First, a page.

In one of the comic vignettes in the middle of Anna Haifisch’s The Artist: The Circle of Life, the eponymous artist, an attenuated bird, reluctantly goes to dinner with his uncle, an ostrich. Uncle Ostrich is a philistine who talks down to Haifisch’s Artist, and at one point dispenses the bromide “Art should be beautiful – cause life is beautiful!” There are many assumptions to unpack embedded in this statement about the purpose and function of art: whether art does or should mirror lived experience, whether its purpose is – or is only – to be aesthetically pleasing, and what a universal aesthetic ideal would even look like, But, chiefly, it assumes the question of whether what we refer to using the term “art” is monolithic. However, The Artist: The Circle of Life is more interested in where the person of the artist themself might be materially situated, somewhere beneath these lofty questions about what they produce. If society defines the value of the artist in terms of their notoriety, either upon an untouchable pedestal or isolated in a garret, it is then free not to dirty its hands with questions about the artist’s survival and human condition.
It is difficult to talk about Haifisch’s character apart from the figure of the artist as it is understood culturally, socially, and historically, since Haifisch gives her protagonist no name apart from “Artist”. She frequently uses him to play out satire and commentary that feels separate from the more narrative vignettes in which he is characterized, however fleetingly, in the context to his home, relationships, and avian attributes. The Artist himself, hazily reminiscent of an emaciated version of Higgs’ “Moonbird”, implicitly suggests the collection’s interest in the slippage between artists and the prevailing stereotypes: the starving artist, the tortured artist, the flamboyant megalomaniac. Haifisch wants her audience to consider the ways in which the flawed cultural understanding of the artistic persona is both reductive and harmful to people who make art, and how the devaluation or arbitrary valuation of the arts in a system of commerce has nonetheless forced artists to try and capitalize on the mystique of persona.
Numerous episodes in The Artist: The Circle of Life highlight the deleterious effect of the romanticized artistic persona on the Artist, insofar as it increases his sense of alienation from others, traced back to his childhood decision to “become an artist” with little understanding of what this actually entails. “A good person can’t be a bad artist, don’t you think?” he asks an art friend doubtfully in adulthood. In a letter to a friend while convalescing at home following his breakdown, he writes “I had a very noble taste as a child. You won’t recognize me the next time we’re seeing each other…I always thought I was someone special. I realized I am not.” The Artist finds the needs of his body and mind incompatible with the romantic ideal of the artistic persona, whose misery is supposed to be a creative wellspring and whose survival needs are deprioritized upon the altar of the all-important work of creative production. The expectation is that an artist live by a kind of inversion of Maslow’s pyramid, throwing himself upon the mercy of exposure and hoping that patrons and benefactors will find him deserving.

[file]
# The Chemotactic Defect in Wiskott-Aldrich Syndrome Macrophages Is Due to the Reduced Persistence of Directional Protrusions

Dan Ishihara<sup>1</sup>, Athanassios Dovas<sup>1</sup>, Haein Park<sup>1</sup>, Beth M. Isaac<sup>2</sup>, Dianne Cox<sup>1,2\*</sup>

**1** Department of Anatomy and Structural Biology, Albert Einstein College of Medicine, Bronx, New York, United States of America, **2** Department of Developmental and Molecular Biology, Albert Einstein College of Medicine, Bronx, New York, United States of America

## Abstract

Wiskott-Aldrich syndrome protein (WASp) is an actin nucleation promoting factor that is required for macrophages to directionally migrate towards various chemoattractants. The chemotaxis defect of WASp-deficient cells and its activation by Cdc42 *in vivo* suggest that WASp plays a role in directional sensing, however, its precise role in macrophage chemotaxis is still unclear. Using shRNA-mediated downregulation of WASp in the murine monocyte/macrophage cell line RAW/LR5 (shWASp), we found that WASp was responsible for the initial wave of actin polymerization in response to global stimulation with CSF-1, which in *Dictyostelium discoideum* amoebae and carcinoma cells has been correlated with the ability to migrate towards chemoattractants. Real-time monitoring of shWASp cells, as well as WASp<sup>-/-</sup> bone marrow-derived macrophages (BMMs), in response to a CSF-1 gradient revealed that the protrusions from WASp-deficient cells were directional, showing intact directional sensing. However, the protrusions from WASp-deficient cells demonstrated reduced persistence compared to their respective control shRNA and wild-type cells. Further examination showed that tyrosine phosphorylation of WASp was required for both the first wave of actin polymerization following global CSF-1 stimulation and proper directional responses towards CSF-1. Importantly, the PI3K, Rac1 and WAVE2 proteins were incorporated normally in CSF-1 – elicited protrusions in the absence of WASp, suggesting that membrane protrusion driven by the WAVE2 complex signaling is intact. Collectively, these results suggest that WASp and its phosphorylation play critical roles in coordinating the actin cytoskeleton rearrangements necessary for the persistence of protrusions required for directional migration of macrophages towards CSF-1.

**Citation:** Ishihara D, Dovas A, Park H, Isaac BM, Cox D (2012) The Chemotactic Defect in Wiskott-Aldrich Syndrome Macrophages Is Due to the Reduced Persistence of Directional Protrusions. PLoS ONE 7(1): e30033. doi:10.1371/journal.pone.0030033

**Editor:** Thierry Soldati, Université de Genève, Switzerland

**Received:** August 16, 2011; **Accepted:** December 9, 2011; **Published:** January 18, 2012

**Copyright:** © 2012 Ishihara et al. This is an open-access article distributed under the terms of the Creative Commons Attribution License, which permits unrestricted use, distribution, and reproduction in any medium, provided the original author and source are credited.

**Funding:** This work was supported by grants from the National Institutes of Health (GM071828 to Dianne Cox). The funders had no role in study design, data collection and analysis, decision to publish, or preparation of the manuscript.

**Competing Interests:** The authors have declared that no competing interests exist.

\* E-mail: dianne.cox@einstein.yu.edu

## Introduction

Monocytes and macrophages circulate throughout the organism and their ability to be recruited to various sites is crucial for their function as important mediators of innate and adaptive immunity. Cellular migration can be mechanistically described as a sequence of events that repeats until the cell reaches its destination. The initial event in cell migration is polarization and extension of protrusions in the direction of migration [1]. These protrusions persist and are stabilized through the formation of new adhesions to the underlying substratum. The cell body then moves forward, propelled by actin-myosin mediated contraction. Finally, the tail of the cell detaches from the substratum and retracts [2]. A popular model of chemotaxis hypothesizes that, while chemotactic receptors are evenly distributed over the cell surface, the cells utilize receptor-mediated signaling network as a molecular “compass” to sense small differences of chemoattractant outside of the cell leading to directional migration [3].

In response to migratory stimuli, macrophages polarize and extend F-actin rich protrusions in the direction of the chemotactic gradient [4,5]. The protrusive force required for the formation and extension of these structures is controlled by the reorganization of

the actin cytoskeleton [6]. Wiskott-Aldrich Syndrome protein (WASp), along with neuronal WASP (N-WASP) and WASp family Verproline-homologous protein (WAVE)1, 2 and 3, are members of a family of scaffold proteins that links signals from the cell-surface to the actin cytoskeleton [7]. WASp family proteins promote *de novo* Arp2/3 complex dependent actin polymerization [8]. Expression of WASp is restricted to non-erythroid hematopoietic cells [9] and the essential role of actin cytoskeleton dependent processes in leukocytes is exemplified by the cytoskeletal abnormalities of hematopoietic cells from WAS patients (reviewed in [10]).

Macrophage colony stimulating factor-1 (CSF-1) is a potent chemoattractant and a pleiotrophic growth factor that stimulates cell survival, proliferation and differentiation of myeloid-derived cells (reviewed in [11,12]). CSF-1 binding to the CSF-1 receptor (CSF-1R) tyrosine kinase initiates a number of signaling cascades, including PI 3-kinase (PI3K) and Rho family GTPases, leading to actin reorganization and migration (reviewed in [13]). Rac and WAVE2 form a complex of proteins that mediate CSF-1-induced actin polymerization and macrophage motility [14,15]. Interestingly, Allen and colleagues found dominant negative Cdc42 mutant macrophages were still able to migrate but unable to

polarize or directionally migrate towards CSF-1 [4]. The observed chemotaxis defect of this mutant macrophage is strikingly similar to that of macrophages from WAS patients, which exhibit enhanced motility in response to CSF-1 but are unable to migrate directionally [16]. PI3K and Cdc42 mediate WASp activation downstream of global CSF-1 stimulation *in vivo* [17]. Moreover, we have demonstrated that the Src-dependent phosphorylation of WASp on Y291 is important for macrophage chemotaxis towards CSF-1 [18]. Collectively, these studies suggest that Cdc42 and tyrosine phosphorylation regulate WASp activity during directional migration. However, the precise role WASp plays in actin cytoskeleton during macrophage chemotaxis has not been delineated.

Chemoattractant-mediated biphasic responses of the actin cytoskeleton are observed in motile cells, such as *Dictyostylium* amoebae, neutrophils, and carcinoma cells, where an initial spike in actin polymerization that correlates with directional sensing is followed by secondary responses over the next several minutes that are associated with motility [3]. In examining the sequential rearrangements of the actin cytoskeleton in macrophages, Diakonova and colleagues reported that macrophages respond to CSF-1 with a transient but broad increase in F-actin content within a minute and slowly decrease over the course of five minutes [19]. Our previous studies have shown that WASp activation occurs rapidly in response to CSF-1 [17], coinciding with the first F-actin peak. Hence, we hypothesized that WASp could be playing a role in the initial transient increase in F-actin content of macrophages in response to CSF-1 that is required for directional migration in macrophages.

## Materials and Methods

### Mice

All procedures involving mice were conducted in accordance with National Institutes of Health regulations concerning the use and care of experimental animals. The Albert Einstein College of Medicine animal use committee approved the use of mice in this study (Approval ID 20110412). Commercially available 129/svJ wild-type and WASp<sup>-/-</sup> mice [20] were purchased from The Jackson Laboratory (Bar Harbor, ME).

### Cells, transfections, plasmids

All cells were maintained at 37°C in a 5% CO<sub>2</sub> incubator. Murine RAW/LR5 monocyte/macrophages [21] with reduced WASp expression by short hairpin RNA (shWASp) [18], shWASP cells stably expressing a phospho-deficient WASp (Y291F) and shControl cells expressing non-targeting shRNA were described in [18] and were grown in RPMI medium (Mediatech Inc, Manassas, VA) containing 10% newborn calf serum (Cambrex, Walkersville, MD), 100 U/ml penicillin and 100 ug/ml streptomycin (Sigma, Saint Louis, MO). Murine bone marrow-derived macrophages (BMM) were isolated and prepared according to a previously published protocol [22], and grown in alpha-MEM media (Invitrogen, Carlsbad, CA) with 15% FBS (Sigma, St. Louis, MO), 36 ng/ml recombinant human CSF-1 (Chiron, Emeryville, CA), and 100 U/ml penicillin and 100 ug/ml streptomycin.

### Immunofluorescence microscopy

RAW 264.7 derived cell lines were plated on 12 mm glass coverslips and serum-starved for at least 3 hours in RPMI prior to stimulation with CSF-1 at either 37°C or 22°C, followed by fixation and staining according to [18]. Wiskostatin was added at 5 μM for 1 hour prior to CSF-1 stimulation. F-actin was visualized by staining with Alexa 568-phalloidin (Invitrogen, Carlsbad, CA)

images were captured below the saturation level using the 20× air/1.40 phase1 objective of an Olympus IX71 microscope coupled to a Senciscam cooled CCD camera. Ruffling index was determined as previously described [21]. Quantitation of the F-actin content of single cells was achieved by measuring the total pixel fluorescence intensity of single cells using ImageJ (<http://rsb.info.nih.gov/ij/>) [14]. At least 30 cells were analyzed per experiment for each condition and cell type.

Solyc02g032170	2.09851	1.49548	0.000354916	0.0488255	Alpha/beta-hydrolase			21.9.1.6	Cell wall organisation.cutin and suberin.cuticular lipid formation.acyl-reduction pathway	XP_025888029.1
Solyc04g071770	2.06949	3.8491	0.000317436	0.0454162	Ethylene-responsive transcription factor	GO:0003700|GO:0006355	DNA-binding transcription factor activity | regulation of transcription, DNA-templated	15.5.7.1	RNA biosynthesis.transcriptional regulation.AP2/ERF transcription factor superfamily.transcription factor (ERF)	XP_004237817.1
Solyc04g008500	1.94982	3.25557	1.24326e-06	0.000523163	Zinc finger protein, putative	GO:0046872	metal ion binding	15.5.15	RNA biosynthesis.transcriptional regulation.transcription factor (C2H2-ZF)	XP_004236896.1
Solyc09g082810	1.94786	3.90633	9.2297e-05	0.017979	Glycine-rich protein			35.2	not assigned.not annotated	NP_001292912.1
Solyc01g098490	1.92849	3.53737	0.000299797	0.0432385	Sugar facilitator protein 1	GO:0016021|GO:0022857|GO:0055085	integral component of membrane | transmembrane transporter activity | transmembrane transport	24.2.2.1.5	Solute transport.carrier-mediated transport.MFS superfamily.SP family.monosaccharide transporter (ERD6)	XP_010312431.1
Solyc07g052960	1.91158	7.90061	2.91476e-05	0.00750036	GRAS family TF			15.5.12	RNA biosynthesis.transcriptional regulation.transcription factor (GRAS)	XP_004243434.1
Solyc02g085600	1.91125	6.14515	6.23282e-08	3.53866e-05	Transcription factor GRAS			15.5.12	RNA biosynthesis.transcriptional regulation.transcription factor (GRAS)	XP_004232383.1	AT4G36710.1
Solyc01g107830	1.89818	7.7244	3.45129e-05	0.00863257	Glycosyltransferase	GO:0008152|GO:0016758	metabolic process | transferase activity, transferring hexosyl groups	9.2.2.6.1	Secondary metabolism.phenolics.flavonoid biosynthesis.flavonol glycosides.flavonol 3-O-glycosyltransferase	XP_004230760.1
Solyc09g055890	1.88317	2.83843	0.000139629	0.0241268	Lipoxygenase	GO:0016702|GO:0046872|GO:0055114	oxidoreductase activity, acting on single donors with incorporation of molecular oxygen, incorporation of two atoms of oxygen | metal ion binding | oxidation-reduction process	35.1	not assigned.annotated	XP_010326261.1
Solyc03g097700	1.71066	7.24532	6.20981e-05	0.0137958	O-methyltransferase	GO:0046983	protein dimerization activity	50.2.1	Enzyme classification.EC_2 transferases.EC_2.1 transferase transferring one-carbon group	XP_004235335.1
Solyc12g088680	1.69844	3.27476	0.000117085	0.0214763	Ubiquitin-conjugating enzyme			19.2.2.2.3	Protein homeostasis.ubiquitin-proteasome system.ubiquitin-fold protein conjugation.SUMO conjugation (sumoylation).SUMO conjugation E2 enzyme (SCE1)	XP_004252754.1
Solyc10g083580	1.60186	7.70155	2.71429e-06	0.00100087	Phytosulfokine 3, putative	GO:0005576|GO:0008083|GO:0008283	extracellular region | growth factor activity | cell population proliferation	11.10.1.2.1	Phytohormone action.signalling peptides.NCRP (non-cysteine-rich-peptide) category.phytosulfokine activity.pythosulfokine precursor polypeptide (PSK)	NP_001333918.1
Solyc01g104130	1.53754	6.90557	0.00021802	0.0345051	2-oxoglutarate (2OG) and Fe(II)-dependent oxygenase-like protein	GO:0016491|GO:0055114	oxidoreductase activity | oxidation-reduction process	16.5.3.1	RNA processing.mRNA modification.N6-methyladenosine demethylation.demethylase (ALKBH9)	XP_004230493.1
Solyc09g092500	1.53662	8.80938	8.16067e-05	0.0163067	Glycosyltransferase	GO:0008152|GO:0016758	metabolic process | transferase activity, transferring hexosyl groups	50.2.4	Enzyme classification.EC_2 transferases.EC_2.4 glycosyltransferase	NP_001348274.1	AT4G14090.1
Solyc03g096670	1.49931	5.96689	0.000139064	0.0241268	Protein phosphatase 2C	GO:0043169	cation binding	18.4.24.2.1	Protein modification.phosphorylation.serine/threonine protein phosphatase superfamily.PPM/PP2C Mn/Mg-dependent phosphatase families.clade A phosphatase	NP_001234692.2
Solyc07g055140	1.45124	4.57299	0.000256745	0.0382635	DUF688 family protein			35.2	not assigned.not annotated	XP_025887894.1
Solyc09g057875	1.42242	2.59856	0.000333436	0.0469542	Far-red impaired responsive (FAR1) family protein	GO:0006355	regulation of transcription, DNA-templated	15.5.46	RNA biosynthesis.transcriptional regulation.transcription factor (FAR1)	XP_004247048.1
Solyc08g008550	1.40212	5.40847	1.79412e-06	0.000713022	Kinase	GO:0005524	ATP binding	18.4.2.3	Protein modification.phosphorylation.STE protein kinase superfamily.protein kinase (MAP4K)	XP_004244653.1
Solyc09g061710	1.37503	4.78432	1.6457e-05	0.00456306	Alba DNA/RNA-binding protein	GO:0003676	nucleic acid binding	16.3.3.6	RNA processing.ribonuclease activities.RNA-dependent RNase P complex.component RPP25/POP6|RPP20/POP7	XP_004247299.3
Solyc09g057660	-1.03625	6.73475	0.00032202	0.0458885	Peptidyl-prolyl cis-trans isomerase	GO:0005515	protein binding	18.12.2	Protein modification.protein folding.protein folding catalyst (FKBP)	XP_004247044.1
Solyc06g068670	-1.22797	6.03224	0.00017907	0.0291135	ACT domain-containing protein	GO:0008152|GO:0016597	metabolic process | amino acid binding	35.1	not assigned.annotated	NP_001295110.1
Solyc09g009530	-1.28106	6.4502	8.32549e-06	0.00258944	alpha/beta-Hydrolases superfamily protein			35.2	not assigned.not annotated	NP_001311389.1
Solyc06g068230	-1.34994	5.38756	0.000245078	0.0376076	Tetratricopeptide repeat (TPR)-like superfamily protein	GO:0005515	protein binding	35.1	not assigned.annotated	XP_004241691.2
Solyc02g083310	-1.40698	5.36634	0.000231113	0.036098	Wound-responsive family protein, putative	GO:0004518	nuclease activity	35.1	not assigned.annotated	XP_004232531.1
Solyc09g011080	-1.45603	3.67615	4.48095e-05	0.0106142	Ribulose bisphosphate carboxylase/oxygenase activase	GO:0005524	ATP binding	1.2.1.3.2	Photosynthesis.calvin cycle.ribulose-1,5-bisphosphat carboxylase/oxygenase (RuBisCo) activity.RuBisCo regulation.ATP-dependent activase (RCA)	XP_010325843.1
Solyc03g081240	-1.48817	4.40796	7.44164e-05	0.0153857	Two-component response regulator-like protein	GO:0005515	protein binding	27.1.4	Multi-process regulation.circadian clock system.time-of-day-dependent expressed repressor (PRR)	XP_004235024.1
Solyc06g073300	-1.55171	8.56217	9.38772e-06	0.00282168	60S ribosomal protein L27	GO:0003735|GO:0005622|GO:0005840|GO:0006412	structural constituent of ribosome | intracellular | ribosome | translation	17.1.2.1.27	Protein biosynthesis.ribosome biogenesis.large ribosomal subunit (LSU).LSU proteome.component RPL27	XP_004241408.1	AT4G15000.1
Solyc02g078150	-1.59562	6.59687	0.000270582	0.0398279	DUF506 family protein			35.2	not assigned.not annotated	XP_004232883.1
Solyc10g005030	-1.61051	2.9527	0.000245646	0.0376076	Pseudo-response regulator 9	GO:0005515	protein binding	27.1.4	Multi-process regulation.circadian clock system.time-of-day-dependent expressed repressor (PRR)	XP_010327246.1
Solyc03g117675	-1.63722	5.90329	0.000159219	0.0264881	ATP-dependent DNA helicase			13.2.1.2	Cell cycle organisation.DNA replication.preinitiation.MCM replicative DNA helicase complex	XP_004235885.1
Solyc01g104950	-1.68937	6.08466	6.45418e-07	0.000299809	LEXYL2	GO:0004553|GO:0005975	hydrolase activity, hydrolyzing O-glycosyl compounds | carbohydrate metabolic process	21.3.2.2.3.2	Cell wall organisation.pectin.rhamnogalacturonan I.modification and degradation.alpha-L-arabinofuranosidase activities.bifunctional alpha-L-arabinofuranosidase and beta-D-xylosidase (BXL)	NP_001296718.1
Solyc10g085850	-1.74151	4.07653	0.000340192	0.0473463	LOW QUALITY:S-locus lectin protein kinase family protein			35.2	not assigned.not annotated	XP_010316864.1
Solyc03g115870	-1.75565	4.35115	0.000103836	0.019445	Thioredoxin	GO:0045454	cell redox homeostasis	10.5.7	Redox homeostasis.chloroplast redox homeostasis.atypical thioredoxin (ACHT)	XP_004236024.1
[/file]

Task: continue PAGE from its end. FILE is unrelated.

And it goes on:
Resolving thus to lead a more virtuous life founded on ordinariness and normalcy, the Artist attempts online shopping, tea with his grandmother, and croquet, only to be lured back by the siren call of a hobby shop’s paints. In a later episode, Haifisch imagines the criminalization of art, the Artist and other artists jailed not for any specific iconoclasm but for their ill fit into the social structure. They’re put away for “disturbing the peace” with “eccentric screeching, loitering and prowling, bizarre vandalism, art rage and whatnot.”
In the first of a few episodes that formally challenge the understanding of comics as a silent medium, “The Artist’s YouTube Haul and Tutorial Videos” links to an actual supplementary YouTube video on Haifisch’s website. The episode’s introductory cover image casts Haifisch’s bird Artist as Marina Abramović during her tenure sitting across from viewers at MoMA during her 2010 retrospective, as part of a grueling performance piece entitled The Artist is Present. Abramović’s presence during this retrospective challenged the invisibility of the artist in the museum context, where art objects are most frequently viewed at a distance from their creators; viewers may or may not choose to contextualize them by reading labels. However, Abramović’s performance did little to humanize her and, in some ways, framed her as an inviolable statue with no material needs – a 66-year-old woman sitting motionless and silent in a wooden chair for 7-10 hours a day, over a period of months, foregoing food, water, rest, and bathroom breaks during her seated time, reduced to an embodied gaze.